Airport Capacity Consequences Leveraging Aviation Integrated Modelling

Airport Capacity Consequences Leveraging Aviation Integrated Modelling (ACCLAIM)

Airport capacity expansions are among the most contentious policy decisions. Proponents for adding runway capacity point to the multiple economic benefits occurring at local, regional, and national levels. The converse is also correct—capacity constraints may lead to increases in airfares and changes in airline networks that take transit and origin-destination traffic away from the region, thus limiting growth in air traffic and the economy. In contrast, opponents to capacity expansions argue that unrestricted capacity growth would impact those living around airports via increased noise and reduced air quality, and the wider population via its contribution to climate change.

Currently, the world’s air transportation system experiences airport capacity expansion projects with a combined value in excess of $500 billion. However, there does not exist any tool that would rigorously evaluate the associated local, regional, and global-scale trade-offs. Building upon the Aviation Integrated Modelling (AIM) tool, the aim of the ACCLAIM project is to enhance the AIM tool to assess a wide range of implications from capacity expansion projects at any airport in the world. The ACCLAIM model will capture the complex relationships between airport capacity, technology, operational and fleet change and passenger demand in the short-, medium- and long-term, while dealing with the complex interplay of uncertainties at each level.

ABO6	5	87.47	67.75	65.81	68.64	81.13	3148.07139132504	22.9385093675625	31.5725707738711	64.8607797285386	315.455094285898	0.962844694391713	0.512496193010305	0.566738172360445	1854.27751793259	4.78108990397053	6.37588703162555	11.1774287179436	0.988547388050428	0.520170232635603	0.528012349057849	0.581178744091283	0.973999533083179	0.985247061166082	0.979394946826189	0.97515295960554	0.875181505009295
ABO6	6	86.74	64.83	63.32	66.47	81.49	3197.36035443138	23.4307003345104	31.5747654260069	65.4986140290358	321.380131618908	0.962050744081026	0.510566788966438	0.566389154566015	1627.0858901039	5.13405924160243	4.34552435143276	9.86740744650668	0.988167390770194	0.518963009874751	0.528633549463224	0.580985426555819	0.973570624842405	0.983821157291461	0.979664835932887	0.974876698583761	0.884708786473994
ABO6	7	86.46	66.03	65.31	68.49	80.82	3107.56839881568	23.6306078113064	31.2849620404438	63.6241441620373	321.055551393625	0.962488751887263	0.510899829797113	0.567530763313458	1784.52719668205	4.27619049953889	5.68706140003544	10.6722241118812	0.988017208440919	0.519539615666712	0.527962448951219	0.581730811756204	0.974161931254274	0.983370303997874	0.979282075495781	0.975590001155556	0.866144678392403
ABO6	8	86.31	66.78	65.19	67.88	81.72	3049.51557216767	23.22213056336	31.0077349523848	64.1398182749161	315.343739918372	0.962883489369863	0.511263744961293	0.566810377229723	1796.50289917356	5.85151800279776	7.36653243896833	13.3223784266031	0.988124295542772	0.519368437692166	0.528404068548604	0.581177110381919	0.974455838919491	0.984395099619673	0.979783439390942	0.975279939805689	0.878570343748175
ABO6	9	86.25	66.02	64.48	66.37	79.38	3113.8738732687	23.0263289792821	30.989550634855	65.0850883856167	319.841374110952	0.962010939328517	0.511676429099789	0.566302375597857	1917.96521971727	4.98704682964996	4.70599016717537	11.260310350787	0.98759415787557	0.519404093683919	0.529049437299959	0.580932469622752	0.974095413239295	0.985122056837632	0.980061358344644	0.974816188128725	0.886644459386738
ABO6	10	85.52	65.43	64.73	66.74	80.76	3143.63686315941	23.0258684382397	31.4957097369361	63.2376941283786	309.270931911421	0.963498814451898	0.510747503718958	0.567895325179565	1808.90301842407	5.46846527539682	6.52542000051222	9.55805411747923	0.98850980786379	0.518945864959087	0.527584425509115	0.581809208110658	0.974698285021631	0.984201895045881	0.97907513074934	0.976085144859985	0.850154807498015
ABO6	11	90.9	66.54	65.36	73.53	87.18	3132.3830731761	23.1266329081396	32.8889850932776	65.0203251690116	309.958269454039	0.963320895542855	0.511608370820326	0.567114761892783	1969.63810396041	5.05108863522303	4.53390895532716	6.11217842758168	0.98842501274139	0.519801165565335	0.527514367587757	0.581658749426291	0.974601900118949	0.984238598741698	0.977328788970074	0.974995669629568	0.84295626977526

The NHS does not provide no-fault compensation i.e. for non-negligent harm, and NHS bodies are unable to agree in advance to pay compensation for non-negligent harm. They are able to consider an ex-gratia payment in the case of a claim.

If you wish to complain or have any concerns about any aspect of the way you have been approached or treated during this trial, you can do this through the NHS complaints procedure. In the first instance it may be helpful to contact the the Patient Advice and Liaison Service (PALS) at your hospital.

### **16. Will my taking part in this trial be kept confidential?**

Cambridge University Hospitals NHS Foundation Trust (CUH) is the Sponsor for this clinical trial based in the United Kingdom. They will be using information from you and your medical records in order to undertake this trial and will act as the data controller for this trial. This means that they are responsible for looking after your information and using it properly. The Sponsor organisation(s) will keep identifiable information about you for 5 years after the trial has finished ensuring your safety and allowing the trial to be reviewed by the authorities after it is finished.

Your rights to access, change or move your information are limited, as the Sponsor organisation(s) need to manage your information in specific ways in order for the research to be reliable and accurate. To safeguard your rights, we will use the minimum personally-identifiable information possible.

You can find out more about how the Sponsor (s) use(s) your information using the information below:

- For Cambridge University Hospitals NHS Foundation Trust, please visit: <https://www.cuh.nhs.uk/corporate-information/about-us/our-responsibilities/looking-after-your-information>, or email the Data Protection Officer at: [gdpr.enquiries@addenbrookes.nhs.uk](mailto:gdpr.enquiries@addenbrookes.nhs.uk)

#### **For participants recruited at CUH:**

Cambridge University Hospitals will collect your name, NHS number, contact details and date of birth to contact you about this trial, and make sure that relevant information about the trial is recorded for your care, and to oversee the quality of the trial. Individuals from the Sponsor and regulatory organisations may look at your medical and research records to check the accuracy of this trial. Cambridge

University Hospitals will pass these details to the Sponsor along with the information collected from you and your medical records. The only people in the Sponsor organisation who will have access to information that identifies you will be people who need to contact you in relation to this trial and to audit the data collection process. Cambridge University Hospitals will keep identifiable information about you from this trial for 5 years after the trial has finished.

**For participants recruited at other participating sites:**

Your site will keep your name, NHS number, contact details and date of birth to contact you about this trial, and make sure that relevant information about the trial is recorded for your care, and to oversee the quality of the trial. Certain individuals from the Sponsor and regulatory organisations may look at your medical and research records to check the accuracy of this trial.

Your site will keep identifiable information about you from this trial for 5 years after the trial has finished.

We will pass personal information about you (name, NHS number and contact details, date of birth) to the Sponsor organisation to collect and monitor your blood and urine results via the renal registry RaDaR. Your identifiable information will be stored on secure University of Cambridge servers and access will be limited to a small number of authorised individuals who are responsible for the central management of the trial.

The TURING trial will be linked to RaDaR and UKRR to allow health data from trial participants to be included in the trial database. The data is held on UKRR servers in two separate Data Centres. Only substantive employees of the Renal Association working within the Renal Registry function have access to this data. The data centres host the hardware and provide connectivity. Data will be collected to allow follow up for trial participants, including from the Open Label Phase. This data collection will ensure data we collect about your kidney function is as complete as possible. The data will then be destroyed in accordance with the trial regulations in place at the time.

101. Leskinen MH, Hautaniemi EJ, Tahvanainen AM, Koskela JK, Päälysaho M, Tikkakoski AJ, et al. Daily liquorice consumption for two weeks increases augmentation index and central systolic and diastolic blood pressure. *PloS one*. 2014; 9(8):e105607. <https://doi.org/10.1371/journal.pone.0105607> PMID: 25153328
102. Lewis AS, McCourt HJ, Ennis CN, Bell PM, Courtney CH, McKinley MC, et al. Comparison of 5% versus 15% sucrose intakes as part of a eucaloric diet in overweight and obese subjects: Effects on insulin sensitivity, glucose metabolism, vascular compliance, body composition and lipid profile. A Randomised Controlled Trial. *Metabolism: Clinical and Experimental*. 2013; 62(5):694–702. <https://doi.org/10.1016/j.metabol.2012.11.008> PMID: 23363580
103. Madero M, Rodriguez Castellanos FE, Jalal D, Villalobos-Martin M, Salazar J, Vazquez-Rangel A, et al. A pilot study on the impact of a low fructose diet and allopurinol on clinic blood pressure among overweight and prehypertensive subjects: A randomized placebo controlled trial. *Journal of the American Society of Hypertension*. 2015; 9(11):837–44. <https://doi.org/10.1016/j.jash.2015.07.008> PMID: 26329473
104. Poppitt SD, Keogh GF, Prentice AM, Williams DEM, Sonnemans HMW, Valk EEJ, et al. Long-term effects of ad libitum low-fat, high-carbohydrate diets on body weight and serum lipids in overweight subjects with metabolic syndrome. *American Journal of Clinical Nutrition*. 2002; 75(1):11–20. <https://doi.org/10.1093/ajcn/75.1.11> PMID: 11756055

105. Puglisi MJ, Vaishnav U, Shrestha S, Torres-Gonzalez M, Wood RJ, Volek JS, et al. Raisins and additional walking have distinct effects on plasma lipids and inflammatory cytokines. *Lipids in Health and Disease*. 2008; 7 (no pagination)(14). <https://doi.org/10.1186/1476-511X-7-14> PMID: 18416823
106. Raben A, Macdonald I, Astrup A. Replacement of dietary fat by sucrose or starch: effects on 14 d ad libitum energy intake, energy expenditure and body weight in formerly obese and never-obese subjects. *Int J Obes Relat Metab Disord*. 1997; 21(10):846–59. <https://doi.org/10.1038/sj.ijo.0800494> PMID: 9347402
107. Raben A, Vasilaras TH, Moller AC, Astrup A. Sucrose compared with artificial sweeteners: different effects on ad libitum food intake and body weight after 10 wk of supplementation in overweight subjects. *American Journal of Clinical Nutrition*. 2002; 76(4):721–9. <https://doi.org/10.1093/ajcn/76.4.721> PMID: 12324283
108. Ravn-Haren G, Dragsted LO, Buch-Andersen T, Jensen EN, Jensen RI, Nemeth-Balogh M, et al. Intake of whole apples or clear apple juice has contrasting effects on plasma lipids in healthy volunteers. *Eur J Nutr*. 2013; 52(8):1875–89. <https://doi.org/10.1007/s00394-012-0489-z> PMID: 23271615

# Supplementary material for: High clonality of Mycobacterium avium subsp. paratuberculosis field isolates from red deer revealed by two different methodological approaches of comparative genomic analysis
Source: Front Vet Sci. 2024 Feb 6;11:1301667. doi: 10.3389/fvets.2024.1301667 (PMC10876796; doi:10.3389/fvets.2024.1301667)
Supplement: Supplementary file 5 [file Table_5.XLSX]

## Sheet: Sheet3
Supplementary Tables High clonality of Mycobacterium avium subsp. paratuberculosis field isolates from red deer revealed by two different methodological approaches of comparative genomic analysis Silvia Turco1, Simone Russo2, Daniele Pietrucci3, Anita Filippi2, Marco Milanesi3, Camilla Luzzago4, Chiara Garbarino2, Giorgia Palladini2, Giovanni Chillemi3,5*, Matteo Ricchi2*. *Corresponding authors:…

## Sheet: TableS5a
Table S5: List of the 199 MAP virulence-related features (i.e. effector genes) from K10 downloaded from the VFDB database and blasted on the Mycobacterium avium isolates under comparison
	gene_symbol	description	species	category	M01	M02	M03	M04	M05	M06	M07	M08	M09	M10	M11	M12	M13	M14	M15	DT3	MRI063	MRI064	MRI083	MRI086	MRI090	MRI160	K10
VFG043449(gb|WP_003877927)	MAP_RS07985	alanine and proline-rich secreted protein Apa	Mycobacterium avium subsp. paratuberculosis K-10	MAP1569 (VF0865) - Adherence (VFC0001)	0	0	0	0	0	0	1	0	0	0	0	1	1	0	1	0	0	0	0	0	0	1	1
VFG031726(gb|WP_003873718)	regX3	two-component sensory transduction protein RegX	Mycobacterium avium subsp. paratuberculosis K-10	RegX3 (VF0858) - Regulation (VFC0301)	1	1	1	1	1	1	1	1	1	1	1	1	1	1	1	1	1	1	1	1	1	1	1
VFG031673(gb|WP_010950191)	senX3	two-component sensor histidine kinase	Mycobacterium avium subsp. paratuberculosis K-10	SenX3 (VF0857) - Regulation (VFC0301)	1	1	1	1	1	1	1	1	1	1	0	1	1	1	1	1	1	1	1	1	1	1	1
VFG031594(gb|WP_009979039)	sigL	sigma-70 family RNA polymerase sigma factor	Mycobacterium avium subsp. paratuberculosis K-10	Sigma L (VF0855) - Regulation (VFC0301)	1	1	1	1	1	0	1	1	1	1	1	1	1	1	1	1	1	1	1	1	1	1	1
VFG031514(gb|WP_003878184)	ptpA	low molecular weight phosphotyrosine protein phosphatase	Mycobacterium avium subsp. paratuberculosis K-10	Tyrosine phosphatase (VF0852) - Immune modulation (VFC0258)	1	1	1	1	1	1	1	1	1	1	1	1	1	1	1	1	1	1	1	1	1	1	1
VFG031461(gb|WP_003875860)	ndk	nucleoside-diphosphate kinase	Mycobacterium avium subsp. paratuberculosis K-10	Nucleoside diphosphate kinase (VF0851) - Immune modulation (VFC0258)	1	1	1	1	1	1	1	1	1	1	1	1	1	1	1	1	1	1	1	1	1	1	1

ACCLAIM’s key objectives for the refined and expanded model are to provide an independent capability:

  • To model how competing airline alliances will respond to capacity constraints at any airport in the world over the short-, medium- and long-term via changes in airfares, flight frequency, use of equipage, and network structure.
  • To model how passengers will respond to changes in airline supply, taking into account airfares; airport, airline, and itinerary choice; airline loyalty programs; etc., given other prevailing trends in the air transport sector such as the increasing share of low-cost airlines and the development of very long-range aircraft.
  • To establish how the airline and passenger response to airport capacity constraints will interact to affect the wider airport and its hinterland in terms of economic impacts (accessibility, trade, tourism, etc.), environmental effects (noise, air quality, and climate impacts) and their associated costs, along with the economic costs of delaying airport capacity expansion (by quantifying lost passenger demand).
  • To quantify how uncertainties at each point in the system impact system level outputs, including uncertainties in inputs (e.g., future income levels; fuel prices, as also related to biofuel adoption), business models (e.g., the prevalence of low-cost long-haul carriers), available equipment (e.g., long-haul aircraft), etc.

ACCLAIM further expands the already existing AIM capabilities of

  • modeling the integrated fleet level impact of new and changed aircraft and engine technologies, operational practices and fleet turnover in terms of environmental and economic performance, and
  • testing the system level effects of options for change in national or international regulation or fiscal and charging policy.

While the tool to be developed is applicable to any airport worldwide, it will be applied initially to the London airport system, where the UK Government plans to add capacity in the near future.

ACCLAIM is a joint project between University College London, Imperial College London, and the University of Southampton with inputs from the aviation sector, government, and NGOs. The three-year project, which started in the fall of 2015, is funded by the UK Engineering and Physical Science Research Council (EPSRC).